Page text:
A new study of the Alaska Permanent Fund Dividend (PFD) program shows that an additional $1,000 PFD decreases the probability of an Alaskan child being obese by as much as 4.5 percentage points, translating to about a 22% reduction in obesity.
“If we extrapolate our findings to the Alaska population, we find that 500 cases of obesity were averted from a total of 2,230 due to a $1,000 PFD payment,” according to co-author Mouhcine Geuttabi, associate professor of economics and faculty at the University of Alaska Anchorage’s Institute of Social and Economic Research (ISER).
“Using a simulation exercise, we find average medical-cost savings to be $2 to $10 million, which works out to between 20 and 92 cents per PFD dollar by the age of 17,” he added.
In their recently published paper, “Universal Cash Transfers Reduce childhood Obesity Rates,” Guettabi, Brett Watson, post-doctoral researcher at ISER, and Matthew Reimer, associate professor of economics at ISER, find that the effect of the PFD is nonlinear in household income. Middle-income households ($25,000-$75,000) are particularly responsive, while there is no detectable response from high-and low-income households. Middle-income households accounted for 40% of the sample size, with $45,000 being the average income.
The PFD, established in 1982, is the world’s only continuous universal income program, providing a unique opportunity for understanding how unconditional universal basic income may influence well-being.
The study covered children born between January 2009 and December 2011 and observed the PFD application status of each child in each year between birth and a three years of age. The PFD payments studied are those nominally assigned to the child. The authors suggest that this labeling effect may induce parents to spend this cash disproportionately on the child relative to other sources of income.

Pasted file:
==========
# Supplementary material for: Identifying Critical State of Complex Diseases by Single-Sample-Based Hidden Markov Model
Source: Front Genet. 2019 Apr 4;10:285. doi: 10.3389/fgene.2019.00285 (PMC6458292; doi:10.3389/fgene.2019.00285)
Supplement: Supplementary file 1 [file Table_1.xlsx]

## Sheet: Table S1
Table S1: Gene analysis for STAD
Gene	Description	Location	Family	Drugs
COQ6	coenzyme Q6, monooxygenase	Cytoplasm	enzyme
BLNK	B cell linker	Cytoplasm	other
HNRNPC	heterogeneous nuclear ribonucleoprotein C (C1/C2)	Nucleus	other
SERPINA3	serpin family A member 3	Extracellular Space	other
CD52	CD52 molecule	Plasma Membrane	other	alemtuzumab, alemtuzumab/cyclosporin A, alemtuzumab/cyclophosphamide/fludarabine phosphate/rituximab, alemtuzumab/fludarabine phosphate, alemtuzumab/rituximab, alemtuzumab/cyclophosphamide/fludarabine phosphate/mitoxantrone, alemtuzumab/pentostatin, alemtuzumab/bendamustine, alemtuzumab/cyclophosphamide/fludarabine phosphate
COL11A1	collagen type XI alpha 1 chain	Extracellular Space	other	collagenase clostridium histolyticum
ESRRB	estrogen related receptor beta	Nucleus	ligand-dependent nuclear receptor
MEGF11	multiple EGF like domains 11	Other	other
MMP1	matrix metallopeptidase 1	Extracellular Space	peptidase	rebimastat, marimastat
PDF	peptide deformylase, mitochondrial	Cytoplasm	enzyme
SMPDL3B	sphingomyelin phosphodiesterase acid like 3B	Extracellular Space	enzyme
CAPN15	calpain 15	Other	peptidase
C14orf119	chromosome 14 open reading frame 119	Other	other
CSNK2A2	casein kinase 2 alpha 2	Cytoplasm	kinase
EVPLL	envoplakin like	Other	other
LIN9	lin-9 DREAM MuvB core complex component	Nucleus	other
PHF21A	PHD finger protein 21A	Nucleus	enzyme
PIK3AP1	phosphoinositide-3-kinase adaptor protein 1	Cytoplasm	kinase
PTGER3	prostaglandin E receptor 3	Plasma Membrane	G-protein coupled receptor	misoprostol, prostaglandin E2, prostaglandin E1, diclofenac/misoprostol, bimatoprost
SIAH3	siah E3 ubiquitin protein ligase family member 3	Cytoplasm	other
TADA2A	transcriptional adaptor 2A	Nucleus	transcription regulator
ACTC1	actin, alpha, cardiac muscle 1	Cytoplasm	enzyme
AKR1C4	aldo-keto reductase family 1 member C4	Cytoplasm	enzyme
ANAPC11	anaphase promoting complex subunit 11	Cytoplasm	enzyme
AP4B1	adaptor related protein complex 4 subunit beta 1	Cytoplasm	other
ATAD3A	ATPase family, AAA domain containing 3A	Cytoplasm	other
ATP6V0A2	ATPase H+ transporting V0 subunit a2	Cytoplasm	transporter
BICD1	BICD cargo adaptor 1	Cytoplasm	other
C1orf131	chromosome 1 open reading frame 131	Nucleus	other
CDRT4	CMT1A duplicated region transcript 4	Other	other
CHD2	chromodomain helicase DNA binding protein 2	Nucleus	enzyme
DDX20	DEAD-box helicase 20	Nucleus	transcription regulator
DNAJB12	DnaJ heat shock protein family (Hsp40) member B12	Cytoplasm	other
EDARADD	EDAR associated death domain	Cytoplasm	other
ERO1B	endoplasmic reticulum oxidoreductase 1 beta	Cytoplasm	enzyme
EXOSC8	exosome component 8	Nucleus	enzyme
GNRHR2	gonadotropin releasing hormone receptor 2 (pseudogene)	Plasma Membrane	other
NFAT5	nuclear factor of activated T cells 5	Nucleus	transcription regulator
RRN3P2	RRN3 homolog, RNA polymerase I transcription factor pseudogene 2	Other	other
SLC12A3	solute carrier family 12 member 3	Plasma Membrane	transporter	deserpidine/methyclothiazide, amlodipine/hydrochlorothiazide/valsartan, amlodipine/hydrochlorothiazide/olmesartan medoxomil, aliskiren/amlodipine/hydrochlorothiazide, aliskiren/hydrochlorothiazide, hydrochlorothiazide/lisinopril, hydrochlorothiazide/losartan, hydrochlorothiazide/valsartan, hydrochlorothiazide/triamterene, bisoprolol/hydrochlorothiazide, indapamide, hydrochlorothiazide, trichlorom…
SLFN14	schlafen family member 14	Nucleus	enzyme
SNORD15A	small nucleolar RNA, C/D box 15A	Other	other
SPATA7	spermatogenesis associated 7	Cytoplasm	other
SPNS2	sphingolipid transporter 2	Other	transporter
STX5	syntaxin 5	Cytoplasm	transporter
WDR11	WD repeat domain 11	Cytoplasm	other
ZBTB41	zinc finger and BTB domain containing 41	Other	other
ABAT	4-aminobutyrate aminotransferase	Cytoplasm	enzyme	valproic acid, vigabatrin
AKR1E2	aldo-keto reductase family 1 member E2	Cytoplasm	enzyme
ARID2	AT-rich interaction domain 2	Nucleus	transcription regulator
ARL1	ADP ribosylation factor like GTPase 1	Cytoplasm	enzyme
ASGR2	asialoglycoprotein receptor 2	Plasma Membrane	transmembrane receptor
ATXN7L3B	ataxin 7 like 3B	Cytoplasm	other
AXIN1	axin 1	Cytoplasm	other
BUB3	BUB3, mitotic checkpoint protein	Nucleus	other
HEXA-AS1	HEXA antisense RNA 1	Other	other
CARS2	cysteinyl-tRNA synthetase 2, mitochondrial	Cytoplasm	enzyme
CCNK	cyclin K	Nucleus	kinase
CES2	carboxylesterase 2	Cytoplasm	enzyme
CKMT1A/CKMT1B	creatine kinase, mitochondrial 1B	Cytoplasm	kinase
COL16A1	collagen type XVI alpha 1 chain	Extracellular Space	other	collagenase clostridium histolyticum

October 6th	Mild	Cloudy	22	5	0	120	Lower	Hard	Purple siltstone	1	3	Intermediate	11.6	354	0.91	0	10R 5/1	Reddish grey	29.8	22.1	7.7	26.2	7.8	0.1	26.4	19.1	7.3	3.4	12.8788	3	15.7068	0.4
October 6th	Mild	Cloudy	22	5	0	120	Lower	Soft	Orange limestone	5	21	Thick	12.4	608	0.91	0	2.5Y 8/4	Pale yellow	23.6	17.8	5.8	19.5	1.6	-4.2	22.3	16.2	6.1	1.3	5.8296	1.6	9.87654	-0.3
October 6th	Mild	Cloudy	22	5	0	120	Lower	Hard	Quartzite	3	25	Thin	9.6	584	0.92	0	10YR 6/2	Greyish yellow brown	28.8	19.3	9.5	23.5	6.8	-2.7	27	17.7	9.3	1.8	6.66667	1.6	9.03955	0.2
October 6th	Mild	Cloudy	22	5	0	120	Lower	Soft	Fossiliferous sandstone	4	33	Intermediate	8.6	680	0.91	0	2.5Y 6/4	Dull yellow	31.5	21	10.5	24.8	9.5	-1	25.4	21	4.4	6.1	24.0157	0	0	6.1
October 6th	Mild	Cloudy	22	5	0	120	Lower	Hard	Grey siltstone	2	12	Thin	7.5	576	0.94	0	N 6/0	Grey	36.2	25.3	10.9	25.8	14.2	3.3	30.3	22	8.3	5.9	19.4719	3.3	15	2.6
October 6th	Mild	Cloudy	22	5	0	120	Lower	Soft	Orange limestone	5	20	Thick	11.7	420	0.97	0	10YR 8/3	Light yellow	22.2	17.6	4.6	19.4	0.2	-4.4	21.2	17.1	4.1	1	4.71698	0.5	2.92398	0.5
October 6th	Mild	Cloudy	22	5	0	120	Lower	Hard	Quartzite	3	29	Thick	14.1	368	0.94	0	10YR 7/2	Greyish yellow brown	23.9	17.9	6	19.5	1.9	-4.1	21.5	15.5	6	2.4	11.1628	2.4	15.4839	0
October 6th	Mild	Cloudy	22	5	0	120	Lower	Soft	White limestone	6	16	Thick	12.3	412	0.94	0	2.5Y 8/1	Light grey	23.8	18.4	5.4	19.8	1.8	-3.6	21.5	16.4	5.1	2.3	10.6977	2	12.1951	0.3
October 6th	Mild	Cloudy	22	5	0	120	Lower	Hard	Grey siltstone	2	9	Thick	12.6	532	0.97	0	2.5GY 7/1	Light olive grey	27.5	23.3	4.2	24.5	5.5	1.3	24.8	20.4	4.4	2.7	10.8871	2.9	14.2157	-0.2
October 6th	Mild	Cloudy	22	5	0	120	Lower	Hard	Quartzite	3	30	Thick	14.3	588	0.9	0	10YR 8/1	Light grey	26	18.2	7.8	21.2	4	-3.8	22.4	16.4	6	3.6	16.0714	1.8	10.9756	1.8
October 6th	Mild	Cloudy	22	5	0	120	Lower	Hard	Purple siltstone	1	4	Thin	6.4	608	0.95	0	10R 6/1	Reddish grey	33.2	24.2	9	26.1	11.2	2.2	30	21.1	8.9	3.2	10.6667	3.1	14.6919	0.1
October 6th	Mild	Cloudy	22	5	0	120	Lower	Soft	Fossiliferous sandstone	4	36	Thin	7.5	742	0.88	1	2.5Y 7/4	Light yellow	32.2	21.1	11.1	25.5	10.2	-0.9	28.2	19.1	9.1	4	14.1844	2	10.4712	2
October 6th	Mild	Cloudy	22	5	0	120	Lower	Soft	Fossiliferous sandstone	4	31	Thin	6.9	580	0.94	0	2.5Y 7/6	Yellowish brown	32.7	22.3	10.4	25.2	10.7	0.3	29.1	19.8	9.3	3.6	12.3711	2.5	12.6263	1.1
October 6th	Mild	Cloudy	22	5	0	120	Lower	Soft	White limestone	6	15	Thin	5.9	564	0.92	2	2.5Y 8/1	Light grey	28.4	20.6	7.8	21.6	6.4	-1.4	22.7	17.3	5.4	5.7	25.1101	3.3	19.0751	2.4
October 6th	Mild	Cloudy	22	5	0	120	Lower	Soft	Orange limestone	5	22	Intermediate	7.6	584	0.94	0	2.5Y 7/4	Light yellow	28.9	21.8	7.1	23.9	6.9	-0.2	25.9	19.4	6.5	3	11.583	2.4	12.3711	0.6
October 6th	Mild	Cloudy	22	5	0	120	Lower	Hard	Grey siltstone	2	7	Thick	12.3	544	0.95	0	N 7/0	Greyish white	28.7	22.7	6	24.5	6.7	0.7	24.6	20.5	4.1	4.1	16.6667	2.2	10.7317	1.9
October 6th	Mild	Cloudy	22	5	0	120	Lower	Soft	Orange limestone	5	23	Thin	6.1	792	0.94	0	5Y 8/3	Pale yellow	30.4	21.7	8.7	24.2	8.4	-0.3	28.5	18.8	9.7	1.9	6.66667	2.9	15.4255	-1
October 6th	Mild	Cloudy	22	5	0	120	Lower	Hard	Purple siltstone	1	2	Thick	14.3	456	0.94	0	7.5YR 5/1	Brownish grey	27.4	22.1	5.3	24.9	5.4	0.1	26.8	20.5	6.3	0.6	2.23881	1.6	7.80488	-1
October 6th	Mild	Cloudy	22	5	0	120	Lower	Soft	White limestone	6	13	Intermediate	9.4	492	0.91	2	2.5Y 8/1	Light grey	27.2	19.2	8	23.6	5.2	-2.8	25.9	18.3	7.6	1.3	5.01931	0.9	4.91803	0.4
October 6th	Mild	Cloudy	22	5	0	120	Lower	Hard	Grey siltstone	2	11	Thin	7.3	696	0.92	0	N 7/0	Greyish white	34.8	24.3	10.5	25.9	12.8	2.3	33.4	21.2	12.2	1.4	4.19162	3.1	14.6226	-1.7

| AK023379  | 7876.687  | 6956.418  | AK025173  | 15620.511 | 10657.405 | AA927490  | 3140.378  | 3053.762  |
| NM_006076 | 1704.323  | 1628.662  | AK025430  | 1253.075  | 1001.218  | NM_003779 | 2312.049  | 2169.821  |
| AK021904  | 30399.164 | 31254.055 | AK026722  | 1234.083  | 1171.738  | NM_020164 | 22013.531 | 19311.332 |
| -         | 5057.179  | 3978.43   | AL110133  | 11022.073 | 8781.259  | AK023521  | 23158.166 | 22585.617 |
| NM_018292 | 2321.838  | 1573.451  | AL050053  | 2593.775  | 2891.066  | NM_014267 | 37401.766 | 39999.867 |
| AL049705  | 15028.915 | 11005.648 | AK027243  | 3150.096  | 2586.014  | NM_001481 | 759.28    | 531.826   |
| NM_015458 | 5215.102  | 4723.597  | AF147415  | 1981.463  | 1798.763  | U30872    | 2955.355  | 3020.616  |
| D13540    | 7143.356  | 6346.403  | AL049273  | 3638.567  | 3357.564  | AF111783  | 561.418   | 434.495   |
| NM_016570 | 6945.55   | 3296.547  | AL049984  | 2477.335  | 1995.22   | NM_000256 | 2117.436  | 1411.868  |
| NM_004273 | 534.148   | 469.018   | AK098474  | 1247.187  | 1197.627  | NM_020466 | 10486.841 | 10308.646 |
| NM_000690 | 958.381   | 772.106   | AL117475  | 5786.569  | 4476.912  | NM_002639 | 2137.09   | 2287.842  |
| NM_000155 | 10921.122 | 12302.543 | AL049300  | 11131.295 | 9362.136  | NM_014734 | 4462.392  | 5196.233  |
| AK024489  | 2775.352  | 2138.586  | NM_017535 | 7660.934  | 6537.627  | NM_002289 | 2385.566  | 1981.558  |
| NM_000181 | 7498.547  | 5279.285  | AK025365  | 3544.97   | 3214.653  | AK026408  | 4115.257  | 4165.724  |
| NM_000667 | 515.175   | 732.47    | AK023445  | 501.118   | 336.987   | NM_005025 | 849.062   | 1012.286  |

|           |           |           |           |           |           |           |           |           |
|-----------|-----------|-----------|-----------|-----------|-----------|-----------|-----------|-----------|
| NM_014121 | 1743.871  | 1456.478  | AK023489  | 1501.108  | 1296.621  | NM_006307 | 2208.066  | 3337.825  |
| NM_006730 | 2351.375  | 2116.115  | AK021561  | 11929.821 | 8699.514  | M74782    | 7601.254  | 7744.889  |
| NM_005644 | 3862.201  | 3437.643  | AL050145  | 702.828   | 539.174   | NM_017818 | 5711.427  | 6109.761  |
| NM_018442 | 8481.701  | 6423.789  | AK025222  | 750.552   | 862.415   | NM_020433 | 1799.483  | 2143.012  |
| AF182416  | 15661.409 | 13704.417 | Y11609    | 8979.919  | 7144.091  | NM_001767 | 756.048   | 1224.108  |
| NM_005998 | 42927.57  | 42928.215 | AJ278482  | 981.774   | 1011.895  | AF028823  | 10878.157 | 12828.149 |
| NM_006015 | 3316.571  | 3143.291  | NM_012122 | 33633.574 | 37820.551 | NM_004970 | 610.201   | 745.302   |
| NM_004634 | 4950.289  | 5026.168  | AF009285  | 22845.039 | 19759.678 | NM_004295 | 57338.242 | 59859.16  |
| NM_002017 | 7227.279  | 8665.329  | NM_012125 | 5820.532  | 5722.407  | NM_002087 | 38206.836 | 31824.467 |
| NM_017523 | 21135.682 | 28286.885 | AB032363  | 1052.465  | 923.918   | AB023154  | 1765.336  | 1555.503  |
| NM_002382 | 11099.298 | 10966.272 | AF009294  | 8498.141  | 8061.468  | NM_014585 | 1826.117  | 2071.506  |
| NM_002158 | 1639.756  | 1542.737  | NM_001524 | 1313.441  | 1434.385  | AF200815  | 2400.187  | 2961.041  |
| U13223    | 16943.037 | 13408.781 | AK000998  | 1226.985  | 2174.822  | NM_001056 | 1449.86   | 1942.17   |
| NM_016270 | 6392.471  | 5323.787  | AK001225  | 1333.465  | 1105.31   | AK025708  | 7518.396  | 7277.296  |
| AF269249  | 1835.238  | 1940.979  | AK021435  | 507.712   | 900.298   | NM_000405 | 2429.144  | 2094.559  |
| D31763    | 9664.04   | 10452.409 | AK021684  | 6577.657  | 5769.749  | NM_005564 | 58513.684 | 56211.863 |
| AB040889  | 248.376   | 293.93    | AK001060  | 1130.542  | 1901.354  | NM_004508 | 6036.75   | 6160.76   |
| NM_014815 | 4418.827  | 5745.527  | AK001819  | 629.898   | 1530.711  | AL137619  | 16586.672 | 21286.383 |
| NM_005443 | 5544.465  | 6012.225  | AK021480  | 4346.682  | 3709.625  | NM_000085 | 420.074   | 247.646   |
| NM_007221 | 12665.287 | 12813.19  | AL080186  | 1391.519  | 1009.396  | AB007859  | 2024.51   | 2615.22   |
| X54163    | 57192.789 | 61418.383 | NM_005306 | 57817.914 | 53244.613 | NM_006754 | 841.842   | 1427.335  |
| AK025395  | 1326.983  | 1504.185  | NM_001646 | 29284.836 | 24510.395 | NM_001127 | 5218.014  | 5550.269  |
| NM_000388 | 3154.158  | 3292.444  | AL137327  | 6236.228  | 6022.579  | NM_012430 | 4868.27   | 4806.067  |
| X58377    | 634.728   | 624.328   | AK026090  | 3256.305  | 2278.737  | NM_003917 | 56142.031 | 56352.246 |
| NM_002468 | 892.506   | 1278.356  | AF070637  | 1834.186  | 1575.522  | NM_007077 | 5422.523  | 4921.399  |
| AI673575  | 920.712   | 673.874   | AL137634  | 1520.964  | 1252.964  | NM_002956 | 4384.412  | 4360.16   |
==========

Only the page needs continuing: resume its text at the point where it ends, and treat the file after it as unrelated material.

Between 2000 and 2016, the average PFD size per-person was $1,600, representing 6.28% of overall household income in Alaska. In an earlier study, ISER researchers found the income effect of the PFD causes mothers to reduce their hours in the labor force, enabling more maternal time with children. Studies have shown that maternal job loss can improve child health, including lowering childhood obesity rates.
Several studies have found that conditional cash transfers improve health and nutritional outcomes for children in early life. It is likely that these benefits are achieved in part due to the conditions imposed by the program.
Reductions observed in this study are a byproduct of an unconditional cash transfer and not one of its stated goals. Medical cost savings estimated are considerably larger than those found in most school interventions but much smaller than the ones obtained from sugar sweetened beverage excise tax, and nutrition standards.
The authors conclude that an unconditional basic income provides the possibility of improving children’s health, which can have long-lasting monetary and non-monetary benefits.
“Universal Cash Transfers Reduce childhood Obesity Rates,” by Brett Watson, Mouhcine Guettabi, Matthew Reimer, April 15, 2019, SSRN (Social Science Research Network).